24 hours in a day, 168 hours in a week. Junior investment bankers regularly work 80-90 hours a week. Many other high profile professions require the same level of commitment. Often those on the outside claim that working 80-90 hours a week is bad/wrong/terrible/silly/etc but we’ve spoken with so many folks who say working that much has been the best decision of their life – it allowed them to develop a deep and strong skill set far faster than would have been possible otherwise. In other words, by working 2x the hours, they were able to generate 5x or more the rewards. And depending on where you are in your career, investing heavily in your skills and competence can pay dividends for a long time.

Saloni Doshi | CEO, EcoEnclose

I am a mom of three young kid and run EcoEnclose with my husband and it is incredibly easy to lose any sense of balance. I used to think about EcoEnclose while I was with my kids and talk constantly about the business with my husband over the weekends. While I can’t build a life where work fits neatly into the day and doesn’t bleed into my nights and weekends, I have found better balance over time. Specifically, I’ve found there are two steps I need to take. The first is effective planning. At the beginning of every week, I set clear priorities for myself and a plan for each day. This includes everything from critical EcoEnclose priorities to the activities I plan to do with the kids after school. It sounds like a small thing, but this level of planning enables me to be better at the second step of achieving balance. Read more>>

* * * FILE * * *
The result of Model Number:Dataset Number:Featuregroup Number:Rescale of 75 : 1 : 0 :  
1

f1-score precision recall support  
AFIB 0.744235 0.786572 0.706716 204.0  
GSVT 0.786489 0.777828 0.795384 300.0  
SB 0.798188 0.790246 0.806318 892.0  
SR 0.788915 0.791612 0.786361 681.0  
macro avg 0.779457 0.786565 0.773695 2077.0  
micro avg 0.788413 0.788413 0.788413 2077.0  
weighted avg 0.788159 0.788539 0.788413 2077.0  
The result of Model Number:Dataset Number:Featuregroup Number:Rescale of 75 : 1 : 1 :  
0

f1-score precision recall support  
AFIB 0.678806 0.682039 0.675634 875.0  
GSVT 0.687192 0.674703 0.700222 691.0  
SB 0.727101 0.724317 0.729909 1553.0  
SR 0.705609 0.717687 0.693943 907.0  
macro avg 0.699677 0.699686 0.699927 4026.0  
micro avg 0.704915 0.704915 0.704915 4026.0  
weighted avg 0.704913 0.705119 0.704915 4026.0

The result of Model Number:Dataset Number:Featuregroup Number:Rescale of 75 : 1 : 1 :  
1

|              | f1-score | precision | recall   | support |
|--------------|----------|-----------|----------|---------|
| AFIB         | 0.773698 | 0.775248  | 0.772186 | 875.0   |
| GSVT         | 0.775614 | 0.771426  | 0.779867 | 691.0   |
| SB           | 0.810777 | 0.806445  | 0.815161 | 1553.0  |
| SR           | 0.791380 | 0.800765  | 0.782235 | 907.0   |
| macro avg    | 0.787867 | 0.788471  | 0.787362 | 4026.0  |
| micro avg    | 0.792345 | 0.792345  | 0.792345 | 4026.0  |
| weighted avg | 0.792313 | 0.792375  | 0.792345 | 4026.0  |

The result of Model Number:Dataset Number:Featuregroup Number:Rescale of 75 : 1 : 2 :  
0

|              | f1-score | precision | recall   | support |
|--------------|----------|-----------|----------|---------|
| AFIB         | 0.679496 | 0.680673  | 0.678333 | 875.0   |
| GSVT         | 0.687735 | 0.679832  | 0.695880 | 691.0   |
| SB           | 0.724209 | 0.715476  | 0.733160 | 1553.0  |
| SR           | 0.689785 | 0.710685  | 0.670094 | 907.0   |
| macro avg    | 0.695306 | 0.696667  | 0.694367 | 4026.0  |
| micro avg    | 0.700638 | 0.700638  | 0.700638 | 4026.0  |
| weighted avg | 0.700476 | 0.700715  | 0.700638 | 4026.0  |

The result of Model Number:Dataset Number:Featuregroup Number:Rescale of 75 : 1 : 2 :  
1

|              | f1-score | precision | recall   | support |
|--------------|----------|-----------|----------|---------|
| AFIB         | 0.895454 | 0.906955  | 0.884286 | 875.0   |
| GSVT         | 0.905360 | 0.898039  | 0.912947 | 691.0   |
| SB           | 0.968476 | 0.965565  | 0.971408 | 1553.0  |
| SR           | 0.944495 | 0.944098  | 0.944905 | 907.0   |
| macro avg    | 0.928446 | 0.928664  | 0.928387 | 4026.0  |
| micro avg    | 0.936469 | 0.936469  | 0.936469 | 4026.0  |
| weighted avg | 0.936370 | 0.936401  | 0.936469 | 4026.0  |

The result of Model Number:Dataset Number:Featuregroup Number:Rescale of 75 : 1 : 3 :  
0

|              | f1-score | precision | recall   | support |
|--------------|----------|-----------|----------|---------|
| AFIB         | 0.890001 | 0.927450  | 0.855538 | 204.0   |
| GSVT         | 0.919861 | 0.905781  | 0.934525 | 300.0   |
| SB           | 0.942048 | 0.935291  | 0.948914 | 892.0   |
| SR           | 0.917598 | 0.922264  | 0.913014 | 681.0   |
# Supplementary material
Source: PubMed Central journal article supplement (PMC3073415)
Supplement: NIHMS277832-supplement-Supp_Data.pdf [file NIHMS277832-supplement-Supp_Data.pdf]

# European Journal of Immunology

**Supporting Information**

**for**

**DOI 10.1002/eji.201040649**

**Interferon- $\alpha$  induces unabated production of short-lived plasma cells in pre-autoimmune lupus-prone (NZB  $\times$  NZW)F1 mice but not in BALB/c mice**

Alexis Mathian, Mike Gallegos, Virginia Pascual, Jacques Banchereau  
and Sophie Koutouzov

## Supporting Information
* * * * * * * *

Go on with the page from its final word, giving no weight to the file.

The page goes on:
Susan Troy | Macaroni Kid Publisher & Travel Agent

There is no balance honestly, or maybe it’s balance over weeks and month, not on a daily basis. Some days I spend more time working and less in my life, and other days I spend more in my life with less work. As an entrepreneur it’s easy to let your business run your life. To achieve long term balance I have to use a lot of organization and focus on my most important goals, both personally and professionally. I have to make the choice every day to not let my business take over my life. Read more>>

Jill Simonds | Business Leader & Entrepreneur

Balance has and always will be evolving and a constant priority for me. Balance also means varying things to different people and there are many views on what it actually takes to maintain a healthy work and life. What it comes down to for me is prioritizing and making time for what matters, and serving the relationships in my life first. I think of it as fundraising for life – to serve and provide for what we enjoy doing together most as a family. Success and joy from work to me is not about working harder or more hours.. it’s about working smart. Over time, I’ve learned I do not have to work to misery or burnout to be successful. I also choose work based on what I’m most passionate about – if I’m working toward something I’m passionate about, I’m fulfilled by that work. Working for something we’re not passionate about causes unhappiness and unnecessary stress. Read more>>

Scott Ausdemore | Founder, Adventurable